Wednesday, April 25, 2012

Harvard Challenges Academic Publishing Cartel

The Guardian -- "Exasperated by rising subscription costs charged by academic publishers, Harvard University has encouraged its faculty members to make their research freely available through open access journals and to resign from publications that keep articles behind paywalls. A memo from Harvard Library to 2,100 teaching and research staff called for action after warning it could no longer afford the price hikes imposed by many large journal publishers, which bill the library $3.75m a year.

The extraordinary move thrusts one of the world's wealthiest and most prestigious institutions into the center of an increasingly fraught debate over access to the results of academic research, much of which is funded by the taxpayer. The outcome of Harvard's decision to take on the publishers will be watched closely by major universities around the world and is likely to prompt others to follow suit.

The memo from Harvard's faculty advisory council said major publishers had created an "untenable situation" at the university by making scholarly interaction "fiscally unsustainable" and "academically restrictive", while drawing profits of 35% or more. Prices for online access to articles from two major publishers have increased 145% over the past six years, with some journals costing as much as $40,000, the memo said.

More than 10,000 academics have already joined a boycott of Elsevier, the huge Dutch publisher, in protest at its journal pricing and access policies. Many university libraries pay more than half of their journal budgets to the publishers Elsevier, Springer and Wiley."


At 4/26/2012 8:59 AM, Blogger Moe said...

3.75 million a year? even for Harvard, that seems high.

We fund the research and then pay through the nose again...really?

At 4/26/2012 10:41 AM, Blogger Buddy R Pacifico said...

I am not in academia (duh,) but it seems that the one thing missing in self publishing is rigourous peer review.

MIT Libraries publishes campus papers but they are not peer reviewed.

Other open publishing sites offer comments sections, but these can go off the rails via personal agendas. Also, constant revisions of the original papers can take place on-line by the authors. The original article should be up to open scrutiny by peers-heavy and peers-lite.

At 4/26/2012 10:53 AM, Blogger Larry G said...

I agree. It's not the physical paper per se - it's the process of vetting and peer reviewing that probably adds to the costs.

It's certainly very possible to conduct online reviews.

I know some are not particularly enamored of WikiPedia in terms of how they work through comments and disagreements but I think the core of their process is on the right track.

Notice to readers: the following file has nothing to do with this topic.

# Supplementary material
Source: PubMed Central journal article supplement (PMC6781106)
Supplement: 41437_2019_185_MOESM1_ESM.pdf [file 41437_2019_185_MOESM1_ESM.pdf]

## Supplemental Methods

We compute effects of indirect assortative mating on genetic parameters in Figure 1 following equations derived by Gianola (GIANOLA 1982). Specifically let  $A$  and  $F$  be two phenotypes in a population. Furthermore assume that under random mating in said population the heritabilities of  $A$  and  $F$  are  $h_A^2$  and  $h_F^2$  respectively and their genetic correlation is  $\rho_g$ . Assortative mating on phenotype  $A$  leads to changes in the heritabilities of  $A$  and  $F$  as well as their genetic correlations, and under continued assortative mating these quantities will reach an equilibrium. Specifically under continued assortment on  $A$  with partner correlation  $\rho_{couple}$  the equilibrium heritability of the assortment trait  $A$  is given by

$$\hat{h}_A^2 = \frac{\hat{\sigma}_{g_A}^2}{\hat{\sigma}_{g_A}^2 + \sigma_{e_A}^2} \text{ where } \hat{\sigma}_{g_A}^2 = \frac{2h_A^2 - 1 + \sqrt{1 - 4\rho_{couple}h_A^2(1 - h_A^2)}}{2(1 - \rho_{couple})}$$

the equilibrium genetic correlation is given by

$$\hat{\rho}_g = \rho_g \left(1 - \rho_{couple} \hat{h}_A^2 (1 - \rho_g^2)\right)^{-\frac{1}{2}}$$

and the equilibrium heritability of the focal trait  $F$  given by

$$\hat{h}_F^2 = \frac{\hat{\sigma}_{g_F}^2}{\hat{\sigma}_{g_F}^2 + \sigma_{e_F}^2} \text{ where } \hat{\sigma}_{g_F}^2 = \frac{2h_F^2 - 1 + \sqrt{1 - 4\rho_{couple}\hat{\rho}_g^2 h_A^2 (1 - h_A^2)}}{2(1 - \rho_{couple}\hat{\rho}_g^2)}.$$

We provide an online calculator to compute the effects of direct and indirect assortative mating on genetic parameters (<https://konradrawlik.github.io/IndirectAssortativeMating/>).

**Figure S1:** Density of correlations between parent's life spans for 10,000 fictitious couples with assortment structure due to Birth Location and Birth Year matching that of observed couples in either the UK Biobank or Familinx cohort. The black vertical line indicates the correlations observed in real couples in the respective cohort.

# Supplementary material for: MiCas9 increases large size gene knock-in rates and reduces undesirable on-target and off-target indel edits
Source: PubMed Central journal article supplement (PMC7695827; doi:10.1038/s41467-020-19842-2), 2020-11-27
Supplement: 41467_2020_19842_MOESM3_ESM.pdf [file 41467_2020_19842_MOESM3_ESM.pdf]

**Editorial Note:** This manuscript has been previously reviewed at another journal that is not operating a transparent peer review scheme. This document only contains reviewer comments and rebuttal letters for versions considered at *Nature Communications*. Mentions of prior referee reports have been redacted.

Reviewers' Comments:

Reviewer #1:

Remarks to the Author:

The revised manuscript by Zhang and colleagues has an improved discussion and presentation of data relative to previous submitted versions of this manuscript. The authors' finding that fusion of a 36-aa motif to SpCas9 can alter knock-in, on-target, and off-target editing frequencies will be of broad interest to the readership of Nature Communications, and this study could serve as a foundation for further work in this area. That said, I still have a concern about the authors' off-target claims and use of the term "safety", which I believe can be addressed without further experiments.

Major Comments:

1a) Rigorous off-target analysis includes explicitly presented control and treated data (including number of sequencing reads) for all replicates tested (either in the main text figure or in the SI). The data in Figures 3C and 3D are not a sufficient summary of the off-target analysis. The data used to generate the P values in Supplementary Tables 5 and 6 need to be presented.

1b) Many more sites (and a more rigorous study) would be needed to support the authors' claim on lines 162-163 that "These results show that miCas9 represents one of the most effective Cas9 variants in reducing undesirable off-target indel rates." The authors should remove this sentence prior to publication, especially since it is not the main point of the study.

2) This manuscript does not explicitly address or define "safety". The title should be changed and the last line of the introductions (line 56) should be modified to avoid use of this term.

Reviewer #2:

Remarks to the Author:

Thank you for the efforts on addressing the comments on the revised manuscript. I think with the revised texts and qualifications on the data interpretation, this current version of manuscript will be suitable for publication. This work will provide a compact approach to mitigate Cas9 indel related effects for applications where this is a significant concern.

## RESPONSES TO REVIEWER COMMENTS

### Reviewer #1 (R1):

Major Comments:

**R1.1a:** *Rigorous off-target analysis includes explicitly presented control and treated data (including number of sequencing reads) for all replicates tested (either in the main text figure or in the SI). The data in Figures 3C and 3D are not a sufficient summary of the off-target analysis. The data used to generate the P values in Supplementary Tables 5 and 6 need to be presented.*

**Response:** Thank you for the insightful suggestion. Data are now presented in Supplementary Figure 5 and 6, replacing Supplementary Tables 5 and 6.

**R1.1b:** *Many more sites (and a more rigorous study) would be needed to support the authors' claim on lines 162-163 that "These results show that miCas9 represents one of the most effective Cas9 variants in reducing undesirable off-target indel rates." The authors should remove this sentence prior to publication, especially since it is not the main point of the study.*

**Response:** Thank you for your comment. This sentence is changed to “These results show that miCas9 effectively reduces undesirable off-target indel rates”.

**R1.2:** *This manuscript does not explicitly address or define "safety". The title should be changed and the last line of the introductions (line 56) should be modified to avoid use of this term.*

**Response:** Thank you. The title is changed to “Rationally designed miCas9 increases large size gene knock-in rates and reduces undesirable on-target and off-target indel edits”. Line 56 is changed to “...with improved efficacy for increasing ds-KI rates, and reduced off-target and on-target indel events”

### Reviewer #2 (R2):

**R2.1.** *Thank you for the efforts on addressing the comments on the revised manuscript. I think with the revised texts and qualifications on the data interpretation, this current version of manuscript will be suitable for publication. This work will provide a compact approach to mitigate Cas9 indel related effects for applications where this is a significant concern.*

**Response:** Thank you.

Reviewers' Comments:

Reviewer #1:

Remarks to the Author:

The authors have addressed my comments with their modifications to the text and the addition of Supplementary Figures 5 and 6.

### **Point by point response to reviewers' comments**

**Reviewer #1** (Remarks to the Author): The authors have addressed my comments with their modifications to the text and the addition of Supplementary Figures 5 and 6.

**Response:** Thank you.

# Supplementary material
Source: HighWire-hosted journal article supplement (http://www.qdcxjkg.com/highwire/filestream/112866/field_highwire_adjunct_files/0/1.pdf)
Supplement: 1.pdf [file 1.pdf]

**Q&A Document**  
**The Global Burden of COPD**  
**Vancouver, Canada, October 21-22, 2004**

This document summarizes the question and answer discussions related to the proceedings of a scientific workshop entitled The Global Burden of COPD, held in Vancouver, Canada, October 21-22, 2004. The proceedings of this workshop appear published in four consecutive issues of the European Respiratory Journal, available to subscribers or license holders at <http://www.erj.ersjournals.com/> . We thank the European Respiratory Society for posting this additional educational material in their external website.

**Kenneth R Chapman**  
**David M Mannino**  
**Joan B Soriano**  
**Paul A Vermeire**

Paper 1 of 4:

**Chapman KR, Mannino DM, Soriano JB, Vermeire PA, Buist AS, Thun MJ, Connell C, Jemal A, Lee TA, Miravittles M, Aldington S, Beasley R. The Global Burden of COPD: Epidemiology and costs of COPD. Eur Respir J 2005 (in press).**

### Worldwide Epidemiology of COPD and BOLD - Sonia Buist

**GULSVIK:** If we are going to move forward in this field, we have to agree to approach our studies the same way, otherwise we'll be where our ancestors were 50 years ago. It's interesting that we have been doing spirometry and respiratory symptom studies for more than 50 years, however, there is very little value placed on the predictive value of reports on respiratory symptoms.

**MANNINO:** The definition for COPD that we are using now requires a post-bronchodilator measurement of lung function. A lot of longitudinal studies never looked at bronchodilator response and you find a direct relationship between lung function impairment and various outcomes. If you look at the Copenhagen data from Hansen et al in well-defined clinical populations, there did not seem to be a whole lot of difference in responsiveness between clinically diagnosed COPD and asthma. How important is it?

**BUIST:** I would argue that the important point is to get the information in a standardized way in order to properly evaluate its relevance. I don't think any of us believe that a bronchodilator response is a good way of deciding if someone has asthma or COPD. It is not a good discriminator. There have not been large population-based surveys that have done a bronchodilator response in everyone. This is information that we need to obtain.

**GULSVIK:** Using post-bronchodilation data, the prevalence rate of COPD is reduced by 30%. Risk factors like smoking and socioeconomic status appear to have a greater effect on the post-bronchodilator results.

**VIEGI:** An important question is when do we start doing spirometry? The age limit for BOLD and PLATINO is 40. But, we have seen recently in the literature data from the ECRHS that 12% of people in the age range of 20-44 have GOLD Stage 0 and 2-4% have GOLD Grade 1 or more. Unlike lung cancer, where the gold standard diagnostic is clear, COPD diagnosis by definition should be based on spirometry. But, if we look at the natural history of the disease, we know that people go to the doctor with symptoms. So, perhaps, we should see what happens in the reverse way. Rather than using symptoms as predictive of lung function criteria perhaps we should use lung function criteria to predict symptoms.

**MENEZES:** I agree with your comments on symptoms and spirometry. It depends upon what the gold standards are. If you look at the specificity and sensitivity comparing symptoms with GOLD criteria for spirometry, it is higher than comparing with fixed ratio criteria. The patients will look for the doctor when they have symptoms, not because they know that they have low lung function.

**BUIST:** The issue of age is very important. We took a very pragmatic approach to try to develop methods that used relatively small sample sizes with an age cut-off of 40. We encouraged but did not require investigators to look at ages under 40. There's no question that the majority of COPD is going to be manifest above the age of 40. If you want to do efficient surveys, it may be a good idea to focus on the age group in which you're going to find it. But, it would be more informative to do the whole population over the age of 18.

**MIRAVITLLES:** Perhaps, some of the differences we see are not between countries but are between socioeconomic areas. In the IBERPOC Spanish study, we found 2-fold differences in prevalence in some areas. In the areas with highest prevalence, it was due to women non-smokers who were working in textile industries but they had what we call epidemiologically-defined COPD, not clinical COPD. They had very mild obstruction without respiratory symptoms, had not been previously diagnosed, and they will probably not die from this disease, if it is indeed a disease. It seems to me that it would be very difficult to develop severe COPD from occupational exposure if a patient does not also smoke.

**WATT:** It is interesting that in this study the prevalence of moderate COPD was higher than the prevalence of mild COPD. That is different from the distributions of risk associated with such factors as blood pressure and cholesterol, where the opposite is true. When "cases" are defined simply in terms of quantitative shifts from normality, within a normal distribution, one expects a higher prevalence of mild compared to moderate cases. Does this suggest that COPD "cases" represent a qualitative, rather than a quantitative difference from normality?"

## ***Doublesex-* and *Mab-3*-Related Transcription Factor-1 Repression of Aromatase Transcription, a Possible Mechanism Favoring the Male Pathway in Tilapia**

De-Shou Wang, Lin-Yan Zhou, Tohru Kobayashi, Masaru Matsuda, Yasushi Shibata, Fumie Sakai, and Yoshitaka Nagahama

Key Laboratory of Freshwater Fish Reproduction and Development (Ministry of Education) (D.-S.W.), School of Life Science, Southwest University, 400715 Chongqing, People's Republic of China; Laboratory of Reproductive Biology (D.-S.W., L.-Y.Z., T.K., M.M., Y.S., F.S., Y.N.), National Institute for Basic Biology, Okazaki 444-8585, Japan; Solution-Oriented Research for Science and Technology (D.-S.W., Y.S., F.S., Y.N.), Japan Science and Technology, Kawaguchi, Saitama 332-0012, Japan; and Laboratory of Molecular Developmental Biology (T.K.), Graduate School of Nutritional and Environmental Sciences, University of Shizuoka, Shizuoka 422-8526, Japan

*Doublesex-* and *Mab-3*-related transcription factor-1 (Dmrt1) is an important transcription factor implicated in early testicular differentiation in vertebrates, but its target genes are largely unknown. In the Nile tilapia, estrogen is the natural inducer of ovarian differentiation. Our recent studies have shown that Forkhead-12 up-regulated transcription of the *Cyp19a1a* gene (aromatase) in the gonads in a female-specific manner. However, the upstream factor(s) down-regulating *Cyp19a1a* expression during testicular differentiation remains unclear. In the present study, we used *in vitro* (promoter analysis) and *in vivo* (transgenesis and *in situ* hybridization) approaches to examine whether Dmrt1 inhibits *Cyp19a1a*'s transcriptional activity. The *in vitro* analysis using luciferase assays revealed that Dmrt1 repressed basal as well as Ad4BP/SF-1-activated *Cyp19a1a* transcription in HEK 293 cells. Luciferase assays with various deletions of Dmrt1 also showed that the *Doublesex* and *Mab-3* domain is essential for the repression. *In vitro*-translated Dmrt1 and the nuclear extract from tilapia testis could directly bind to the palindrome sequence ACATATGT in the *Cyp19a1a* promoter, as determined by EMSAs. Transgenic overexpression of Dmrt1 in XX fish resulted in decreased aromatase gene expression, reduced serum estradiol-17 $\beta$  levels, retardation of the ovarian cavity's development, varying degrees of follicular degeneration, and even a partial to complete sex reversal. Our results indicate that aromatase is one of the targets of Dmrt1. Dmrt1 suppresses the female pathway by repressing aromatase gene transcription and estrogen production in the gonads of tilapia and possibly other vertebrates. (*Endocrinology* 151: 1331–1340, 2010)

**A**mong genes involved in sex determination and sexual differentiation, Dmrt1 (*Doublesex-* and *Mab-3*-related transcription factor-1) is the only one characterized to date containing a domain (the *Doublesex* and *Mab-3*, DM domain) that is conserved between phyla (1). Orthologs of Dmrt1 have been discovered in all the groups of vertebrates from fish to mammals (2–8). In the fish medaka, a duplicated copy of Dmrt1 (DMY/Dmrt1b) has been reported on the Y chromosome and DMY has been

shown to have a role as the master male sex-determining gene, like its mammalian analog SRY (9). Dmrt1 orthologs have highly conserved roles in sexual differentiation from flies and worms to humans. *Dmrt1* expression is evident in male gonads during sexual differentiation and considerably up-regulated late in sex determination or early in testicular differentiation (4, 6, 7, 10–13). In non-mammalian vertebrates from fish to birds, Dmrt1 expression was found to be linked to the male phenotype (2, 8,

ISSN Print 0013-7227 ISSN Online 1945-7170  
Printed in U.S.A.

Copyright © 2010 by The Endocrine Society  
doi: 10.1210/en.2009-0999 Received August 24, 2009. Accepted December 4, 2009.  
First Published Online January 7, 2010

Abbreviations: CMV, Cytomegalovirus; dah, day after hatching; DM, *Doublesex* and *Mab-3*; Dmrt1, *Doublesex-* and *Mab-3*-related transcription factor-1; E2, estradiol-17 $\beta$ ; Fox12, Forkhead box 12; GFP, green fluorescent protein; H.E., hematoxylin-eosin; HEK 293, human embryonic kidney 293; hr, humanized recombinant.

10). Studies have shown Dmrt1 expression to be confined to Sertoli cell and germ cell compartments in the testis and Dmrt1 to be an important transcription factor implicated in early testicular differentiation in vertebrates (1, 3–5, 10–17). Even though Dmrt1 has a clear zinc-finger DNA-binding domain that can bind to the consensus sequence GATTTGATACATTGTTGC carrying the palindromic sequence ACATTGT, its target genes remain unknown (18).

Academicians of course are a lot more particular about all manner of content and details.

In offline often might end up with separate folders of comments, rather than online interaction where there might actually be direct communication between different reviewers.

What Wiki seems to try to do on direct interaction in areas of disagreement is to find the areas of agreement - and then note the areas of disagreement with "pro" and "con" narratives.

I've heard others say that the Wiki process is not all milk and honey and that some arbitrary editorial actions take place.

At 4/26/2012 12:41 PM, Blogger Benjamin Cole said...

The glacial speed with which universities are migrating to free online publishing...makes me wonder what sorts of people are in academia. These are high IQ people?

Maybe the conservatives are right---universities are full of tweed-jackered pinheads.

At 4/26/2012 12:54 PM, Blogger CS said...

Harvard University, with total revenues of over $3 billion, cannot afford 3.75 million for journal subscriptions.


What a miserable bunch of pikers.

The reason scholars at top universities publish in top (subscription based) journals is that everyone in a particular field reads the top (subscription based) journals in that field.

Open access journals are not free. There is a publication charge paid by the author.

So what Harvard University Library wants is for its top researchers to publish in second tier open access journals at their own expense so the librarians have more cash to spend on whatever it is that librarians, not scholars, want.

At 4/26/2012 2:59 PM, Blogger Ed R said...

If the article writers are free to publish in whatever journals will accept them how are the publishers acting as a cartel??

Is there restricted entry or something else going on??

At 4/27/2012 10:42 AM, Blogger CS said...

Re: How are publishers acting as a cartel?

The answer is they are not. They operate in a competitive market, where libraries with limited budgets have to decide among ten thousand or so significant scholarly journals which ones they will subscribe to.

A competent librarian will make decisions on the basis of some measure of value for money. Where journal use is mainly online, downloads per subscription dollar provide one measure of value for money. Some libraries do use measures of this kind, thereby restricting the ability of publishers to raise prices.

However librarians are often reluctant to acknowledge sunk costs in journals that receive little use. Thus journal series going back decades are maintained in a collection, while potentially more useful journals are not taken even on a trial basis.

If library budgets become so restricted that even important subscription-financed journals cease to be widely distributed, then author paid open access journals will flourish. So perhaps that is the way forward: to cut the Harvard University Library budget by $3.75 million.


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